Are you concerned about the economy? You should be. Inflation is at a 40-year high, and there's no telling how long it will stay. The financial markets are unstable, and the amount of people struggling to make ends meet grows. Unemployment rates are skewed, and it seems like things will only worsen. This might sound like a bleak picture, but it's the reality we're currently facing. So what can you do to prepare for these difficult times?
The Concept of Stagflation
The word stagflation refers to a situation of stagnant demand (or stunted economic growth) and high inflation. The first signs of stagflation you might notice in an economy would be high-interest rates, decreasing gross domestic product (GDP), growing unemployment rate, all coupled with inflated prices of goods and services - making it difficult for both individuals and businesses to retain the value of their money.
The concept of stagflation is unnatural because it depicts a direct correlation between inflation and a weak economy (usually, where there is a weak economy, the chances of inflation are minuscule). Still, even economists are often left in the dark where these two meet. How did stagflation come to be?
Historical Perspective on Stagflation
In the USA and the world, past economists were familiar with inflation but could not wrap their heads around stagflation. The reason for this is simple; the economic models that existed back then saw an inverse relationship between unemployment and inflation and could not believe both could coexist harmoniously. A growing economy, which often precludes inflation, causes the demand for goods and services to grow. More workers will be needed to produce these extra demands, thus causing a decrease in unemployment.
The stagflation came to be by these models being disrupted. In the early 1970s, the United States economy went through a rough patch. Despite constant inflation, economic growth appeared to be stunted.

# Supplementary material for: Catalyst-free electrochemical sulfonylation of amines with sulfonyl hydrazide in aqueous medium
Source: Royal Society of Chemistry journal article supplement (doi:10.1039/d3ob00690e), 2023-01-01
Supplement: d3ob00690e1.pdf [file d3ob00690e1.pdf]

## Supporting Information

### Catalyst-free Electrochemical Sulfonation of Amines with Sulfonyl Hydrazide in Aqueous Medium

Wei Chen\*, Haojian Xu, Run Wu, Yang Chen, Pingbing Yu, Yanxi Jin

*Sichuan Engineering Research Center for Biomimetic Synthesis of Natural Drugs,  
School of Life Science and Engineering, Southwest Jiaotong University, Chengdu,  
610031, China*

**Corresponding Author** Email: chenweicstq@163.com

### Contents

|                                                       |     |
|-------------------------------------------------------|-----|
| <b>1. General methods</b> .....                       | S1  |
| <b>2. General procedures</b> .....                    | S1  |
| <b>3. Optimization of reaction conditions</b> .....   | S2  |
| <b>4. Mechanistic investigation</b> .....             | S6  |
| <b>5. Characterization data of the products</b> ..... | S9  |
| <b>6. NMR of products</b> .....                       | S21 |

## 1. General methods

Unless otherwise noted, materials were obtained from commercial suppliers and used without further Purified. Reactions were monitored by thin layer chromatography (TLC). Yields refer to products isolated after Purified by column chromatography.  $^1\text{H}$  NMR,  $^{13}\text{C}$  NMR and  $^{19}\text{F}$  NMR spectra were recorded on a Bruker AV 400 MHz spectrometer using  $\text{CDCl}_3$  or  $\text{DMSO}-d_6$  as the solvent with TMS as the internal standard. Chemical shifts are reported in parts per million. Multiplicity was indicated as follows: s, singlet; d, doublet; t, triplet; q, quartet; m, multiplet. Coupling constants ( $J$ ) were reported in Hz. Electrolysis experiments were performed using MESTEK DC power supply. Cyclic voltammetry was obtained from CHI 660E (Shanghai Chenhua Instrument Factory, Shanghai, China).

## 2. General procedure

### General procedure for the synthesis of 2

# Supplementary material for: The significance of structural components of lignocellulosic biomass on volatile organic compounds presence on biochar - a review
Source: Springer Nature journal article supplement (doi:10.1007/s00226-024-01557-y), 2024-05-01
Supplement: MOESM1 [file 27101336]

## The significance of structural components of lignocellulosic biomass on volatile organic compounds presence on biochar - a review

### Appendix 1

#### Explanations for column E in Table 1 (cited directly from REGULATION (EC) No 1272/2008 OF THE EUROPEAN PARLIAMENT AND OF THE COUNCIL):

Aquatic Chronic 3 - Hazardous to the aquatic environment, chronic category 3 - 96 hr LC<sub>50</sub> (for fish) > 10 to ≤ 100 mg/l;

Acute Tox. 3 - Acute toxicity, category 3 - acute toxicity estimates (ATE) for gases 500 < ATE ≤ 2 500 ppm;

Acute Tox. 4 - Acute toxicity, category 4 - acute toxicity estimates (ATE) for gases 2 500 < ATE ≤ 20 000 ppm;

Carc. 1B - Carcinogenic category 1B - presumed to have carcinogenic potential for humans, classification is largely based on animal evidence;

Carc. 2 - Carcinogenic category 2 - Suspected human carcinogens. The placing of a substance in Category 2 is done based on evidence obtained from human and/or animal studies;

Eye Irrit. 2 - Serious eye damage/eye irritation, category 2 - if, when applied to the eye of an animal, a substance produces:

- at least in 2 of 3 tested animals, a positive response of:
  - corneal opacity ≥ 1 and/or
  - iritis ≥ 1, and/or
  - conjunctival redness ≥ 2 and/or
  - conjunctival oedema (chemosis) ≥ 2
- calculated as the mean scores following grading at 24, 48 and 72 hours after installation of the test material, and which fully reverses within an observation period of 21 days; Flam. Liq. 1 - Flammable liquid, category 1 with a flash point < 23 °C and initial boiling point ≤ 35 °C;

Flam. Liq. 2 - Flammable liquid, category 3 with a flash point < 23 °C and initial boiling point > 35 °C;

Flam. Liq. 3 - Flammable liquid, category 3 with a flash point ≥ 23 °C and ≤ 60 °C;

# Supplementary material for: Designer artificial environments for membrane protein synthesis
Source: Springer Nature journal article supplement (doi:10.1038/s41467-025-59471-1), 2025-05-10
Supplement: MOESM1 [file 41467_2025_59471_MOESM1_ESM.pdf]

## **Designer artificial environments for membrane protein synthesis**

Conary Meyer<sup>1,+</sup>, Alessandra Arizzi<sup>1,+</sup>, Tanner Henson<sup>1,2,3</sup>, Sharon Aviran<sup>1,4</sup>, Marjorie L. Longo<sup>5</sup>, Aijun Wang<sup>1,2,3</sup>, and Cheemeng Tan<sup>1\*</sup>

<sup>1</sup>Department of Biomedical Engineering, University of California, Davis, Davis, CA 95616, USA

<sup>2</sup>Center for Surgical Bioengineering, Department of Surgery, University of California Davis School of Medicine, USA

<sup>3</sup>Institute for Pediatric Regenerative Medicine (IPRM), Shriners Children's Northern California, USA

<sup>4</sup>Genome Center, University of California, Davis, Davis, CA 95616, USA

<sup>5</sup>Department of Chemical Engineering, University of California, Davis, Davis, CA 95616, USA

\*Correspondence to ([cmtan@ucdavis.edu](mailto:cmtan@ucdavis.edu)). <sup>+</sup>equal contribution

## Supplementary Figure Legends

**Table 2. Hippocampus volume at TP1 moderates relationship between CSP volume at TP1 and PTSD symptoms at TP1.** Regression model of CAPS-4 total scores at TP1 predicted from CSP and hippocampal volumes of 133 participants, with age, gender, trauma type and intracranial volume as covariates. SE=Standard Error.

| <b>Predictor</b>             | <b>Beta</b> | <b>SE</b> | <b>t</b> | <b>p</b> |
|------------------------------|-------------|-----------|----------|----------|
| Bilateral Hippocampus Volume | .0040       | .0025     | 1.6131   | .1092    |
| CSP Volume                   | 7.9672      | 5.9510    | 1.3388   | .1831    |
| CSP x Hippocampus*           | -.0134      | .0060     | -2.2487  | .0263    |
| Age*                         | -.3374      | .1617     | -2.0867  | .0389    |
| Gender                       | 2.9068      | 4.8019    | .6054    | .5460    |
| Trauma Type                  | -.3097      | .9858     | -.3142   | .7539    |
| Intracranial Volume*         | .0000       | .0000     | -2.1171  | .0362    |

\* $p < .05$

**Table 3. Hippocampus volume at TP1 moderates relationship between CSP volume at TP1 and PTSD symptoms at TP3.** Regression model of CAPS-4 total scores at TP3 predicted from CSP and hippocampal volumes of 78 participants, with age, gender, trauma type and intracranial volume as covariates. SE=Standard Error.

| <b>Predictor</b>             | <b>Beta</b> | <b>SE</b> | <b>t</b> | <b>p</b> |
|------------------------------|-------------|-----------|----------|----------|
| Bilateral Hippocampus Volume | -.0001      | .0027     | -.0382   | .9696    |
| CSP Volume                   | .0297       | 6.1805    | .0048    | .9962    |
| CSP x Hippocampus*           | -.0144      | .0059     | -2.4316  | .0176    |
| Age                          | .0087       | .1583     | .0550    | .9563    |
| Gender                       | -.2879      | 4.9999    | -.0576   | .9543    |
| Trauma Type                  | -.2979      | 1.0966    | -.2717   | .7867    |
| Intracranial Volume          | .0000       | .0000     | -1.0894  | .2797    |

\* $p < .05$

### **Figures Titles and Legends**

Between 1973 and 1975, the United States suffered a recession-like economy, with five quarters of negative GDP. As if it wasn't bad enough, unemployment peaked at 9% in 1975, while inflation lingered in double digits during 1974 and 1975.
You could wonder what prompted this. Many things happened, but the embargo imposed by OPEC on the United States in 1973 was the tipping point. The price of oil rose as supply fell. While the OPEC embargo is widely credited with causing the 1974 stagflation, it would not have been feasible without the policies put in place by the US administration just before the OPEC embargo.
What policies are we talking about? When President Nixon ran for reelection in 1970, he promised a three-pronged economic plan to resurrect the economy. During this time, the economy was in negative territory, and the unemployment rate was at 6%. The policies he enacted, known as the Nixon shock, were designed to boost the economy without causing inflation.
The Nixon Shock
Nixon's policies introduced three important changes.
- To tackle inflation, the President took severe steps, one of which was to freeze wages and prices for 90 days. During that time, there could be no pay or price increases. After that period had passed without any raises or cost-of-living adjustments, a Pay Board and Price Commission, set up for that purpose, would authorize any increases until after the elections were held.
- The administration of President Nixon imposed a 10% tax on imported goods to protect domestic industries and lower trade deficits. Instead, the measures backfired, and prices for these products rose by an average annual rate of over 5%.
- He suspended the Bretton Woods Agreement and removed America from its gold standard.
Removing America from the gold standard was a pretty unbelievable strategy. The gold standard was what made the dollar the global currency, and Nixon would have gotten away with these policies except for the UK's request to exchange $3 billion for gold. There wasn't that much worth of gold in the USA, so Nixon stopped backing dollars against gold - sounds like a default, no? Basic economic principles set in, and the price of gold shot up as the dollar lost its value.
It became more expensive for US citizens to import goods, and with unemployment not reducing, the result was one of the biggest economic chaos ever faced in the country. The lesson economists learnt after 1975 was that inflation can strike anytime, even while the economy is slowing down.